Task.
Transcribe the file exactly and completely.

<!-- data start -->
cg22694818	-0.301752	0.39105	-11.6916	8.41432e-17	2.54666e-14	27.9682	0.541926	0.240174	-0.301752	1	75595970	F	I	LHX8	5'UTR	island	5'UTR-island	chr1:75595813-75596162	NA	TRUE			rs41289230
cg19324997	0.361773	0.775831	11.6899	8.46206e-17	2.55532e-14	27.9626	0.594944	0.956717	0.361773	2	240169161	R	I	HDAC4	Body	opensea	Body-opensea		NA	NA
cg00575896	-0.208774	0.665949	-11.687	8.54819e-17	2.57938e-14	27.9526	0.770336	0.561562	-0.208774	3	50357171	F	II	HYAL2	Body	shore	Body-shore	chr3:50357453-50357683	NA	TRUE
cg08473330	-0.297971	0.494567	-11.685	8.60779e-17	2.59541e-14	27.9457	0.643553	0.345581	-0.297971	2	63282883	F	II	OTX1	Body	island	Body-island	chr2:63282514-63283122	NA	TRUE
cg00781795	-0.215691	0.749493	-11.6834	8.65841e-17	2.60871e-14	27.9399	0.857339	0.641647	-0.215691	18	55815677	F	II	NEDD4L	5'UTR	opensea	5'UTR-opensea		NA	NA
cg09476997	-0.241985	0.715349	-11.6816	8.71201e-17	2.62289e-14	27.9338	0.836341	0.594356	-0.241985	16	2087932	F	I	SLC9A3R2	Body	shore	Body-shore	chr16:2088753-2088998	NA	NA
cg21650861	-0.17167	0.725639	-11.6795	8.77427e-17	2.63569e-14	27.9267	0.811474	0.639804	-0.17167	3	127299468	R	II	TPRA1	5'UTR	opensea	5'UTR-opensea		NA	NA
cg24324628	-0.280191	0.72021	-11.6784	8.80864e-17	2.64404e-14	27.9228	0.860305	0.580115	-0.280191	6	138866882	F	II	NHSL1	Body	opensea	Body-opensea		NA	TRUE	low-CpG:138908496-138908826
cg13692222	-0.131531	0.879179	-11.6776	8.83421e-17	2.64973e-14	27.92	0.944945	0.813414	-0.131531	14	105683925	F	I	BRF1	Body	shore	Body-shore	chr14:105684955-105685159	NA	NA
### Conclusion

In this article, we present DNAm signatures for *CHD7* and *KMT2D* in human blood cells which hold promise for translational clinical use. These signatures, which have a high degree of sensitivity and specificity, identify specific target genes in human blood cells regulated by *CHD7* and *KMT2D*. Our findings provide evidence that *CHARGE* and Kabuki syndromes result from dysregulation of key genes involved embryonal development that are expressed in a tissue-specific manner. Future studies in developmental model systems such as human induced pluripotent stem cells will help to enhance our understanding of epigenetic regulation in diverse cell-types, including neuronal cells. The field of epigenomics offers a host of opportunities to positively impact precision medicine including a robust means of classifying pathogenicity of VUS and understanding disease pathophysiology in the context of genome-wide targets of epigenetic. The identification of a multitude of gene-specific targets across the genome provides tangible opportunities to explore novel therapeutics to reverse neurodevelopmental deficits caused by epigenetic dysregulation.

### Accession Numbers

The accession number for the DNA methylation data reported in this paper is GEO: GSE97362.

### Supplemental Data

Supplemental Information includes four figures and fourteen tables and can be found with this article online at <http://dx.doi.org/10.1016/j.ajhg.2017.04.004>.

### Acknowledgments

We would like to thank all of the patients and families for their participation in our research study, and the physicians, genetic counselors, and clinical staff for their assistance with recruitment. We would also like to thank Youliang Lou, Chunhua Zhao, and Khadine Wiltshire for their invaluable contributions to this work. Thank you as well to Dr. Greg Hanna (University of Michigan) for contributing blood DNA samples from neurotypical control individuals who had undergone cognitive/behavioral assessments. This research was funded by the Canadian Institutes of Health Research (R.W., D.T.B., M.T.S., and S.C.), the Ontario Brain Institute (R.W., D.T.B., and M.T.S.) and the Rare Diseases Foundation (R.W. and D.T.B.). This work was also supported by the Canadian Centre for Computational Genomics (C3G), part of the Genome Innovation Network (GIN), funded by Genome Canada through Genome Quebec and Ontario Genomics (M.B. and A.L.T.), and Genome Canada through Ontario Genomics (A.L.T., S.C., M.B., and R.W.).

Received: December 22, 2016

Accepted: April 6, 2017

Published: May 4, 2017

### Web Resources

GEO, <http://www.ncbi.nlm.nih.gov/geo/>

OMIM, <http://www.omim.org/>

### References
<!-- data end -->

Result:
cg22694818	-0.301752	0.39105	-11.6916	8.41432e-17	2.54666e-14	27.9682	0.541926	0.240174	-0.301752	1	75595970	F	I	LHX8	5'UTR	island	5'UTR-island	chr1:75595813-75596162	NA	TRUE			rs41289230
cg19324997	0.361773	0.775831	11.6899	8.46206e-17	2.55532e-14	27.9626	0.594944	0.956717	0.361773	2	240169161	R	I	HDAC4	Body	opensea	Body-opensea		NA	NA
cg00575896	-0.208774	0.665949	-11.687	8.54819e-17	2.57938e-14	27.9526	0.770336	0.561562	-0.208774	3	50357171	F	II	HYAL2	Body	shore	Body-shore	chr3:50357453-50357683	NA	TRUE
cg08473330	-0.297971	0.494567	-11.685	8.60779e-17	2.59541e-14	27.9457	0.643553	0.345581	-0.297971	2	63282883	F	II	OTX1	Body	island	Body-island	chr2:63282514-63283122	NA	TRUE
cg00781795	-0.215691	0.749493	-11.6834	8.65841e-17	2.60871e-14	27.9399	0.857339	0.641647	-0.215691	18	55815677	F	II	NEDD4L	5'UTR	opensea	5'UTR-opensea		NA	NA
cg09476997	-0.241985	0.715349	-11.6816	8.71201e-17	2.62289e-14	27.9338	0.836341	0.594356	-0.241985	16	2087932	F	I	SLC9A3R2	Body	shore	Body-shore	chr16:2088753-2088998	NA	NA
cg21650861	-0.17167	0.725639	-11.6795	8.77427e-17	2.63569e-14	27.9267	0.811474	0.639804	-0.17167	3	127299468	R	II	TPRA1	5'UTR	opensea	5'UTR-opensea		NA	NA
cg24324628	-0.280191	0.72021	-11.6784	8.80864e-17	2.64404e-14	27.9228	0.860305	0.580115	-0.280191	6	138866882	F	II	NHSL1	Body	opensea	Body-opensea		NA	TRUE	low-CpG:138908496-138908826
cg13692222	-0.131531	0.879179	-11.6776	8.83421e-17	2.64973e-14	27.92	0.944945	0.813414	-0.131531	14	105683925	F	I	BRF1	Body	shore	Body-shore	chr14:105684955-105685159	NA	NA
### Conclusion

In this article, we present DNAm signatures for *CHD7* and *KMT2D* in human blood cells which hold promise for translational clinical use. These signatures, which have a high degree of sensitivity and specificity, identify specific target genes in human blood cells regulated by *CHD7* and *KMT2D*. Our findings provide evidence that *CHARGE* and Kabuki syndromes result from dysregulation of key genes involved embryonal development that are expressed in a tissue-specific manner. Future studies in developmental model systems such as human induced pluripotent stem cells will help to enhance our understanding of epigenetic regulation in diverse cell-types, including neuronal cells. The field of epigenomics offers a host of opportunities to positively impact precision medicine including a robust means of classifying pathogenicity of VUS and understanding disease pathophysiology in the context of genome-wide targets of epigenetic. The identification of a multitude of gene-specific targets across the genome provides tangible opportunities to explore novel therapeutics to reverse neurodevelopmental deficits caused by epigenetic dysregulation.

### Accession Numbers

The accession number for the DNA methylation data reported in this paper is GEO: GSE97362.

### Supplemental Data

Supplemental Information includes four figures and fourteen tables and can be found with this article online at <http://dx.doi.org/10.1016/j.ajhg.2017.04.004>.

### Acknowledgments

We would like to thank all of the patients and families for their participation in our research study, and the physicians, genetic counselors, and clinical staff for their assistance with recruitment. We would also like to thank Youliang Lou, Chunhua Zhao, and Khadine Wiltshire for their invaluable contributions to this work. Thank you as well to Dr. Greg Hanna (University of Michigan) for contributing blood DNA samples from neurotypical control individuals who had undergone cognitive/behavioral assessments. This research was funded by the Canadian Institutes of Health Research (R.W., D.T.B., M.T.S., and S.C.), the Ontario Brain Institute (R.W., D.T.B., and M.T.S.) and the Rare Diseases Foundation (R.W. and D.T.B.). This work was also supported by the Canadian Centre for Computational Genomics (C3G), part of the Genome Innovation Network (GIN), funded by Genome Canada through Genome Quebec and Ontario Genomics (M.B. and A.L.T.), and Genome Canada through Ontario Genomics (A.L.T., S.C., M.B., and R.W.).

Received: December 22, 2016

Accepted: April 6, 2017

Published: May 4, 2017

### Web Resources

GEO, <http://www.ncbi.nlm.nih.gov/geo/>

OMIM, <http://www.omim.org/>

### References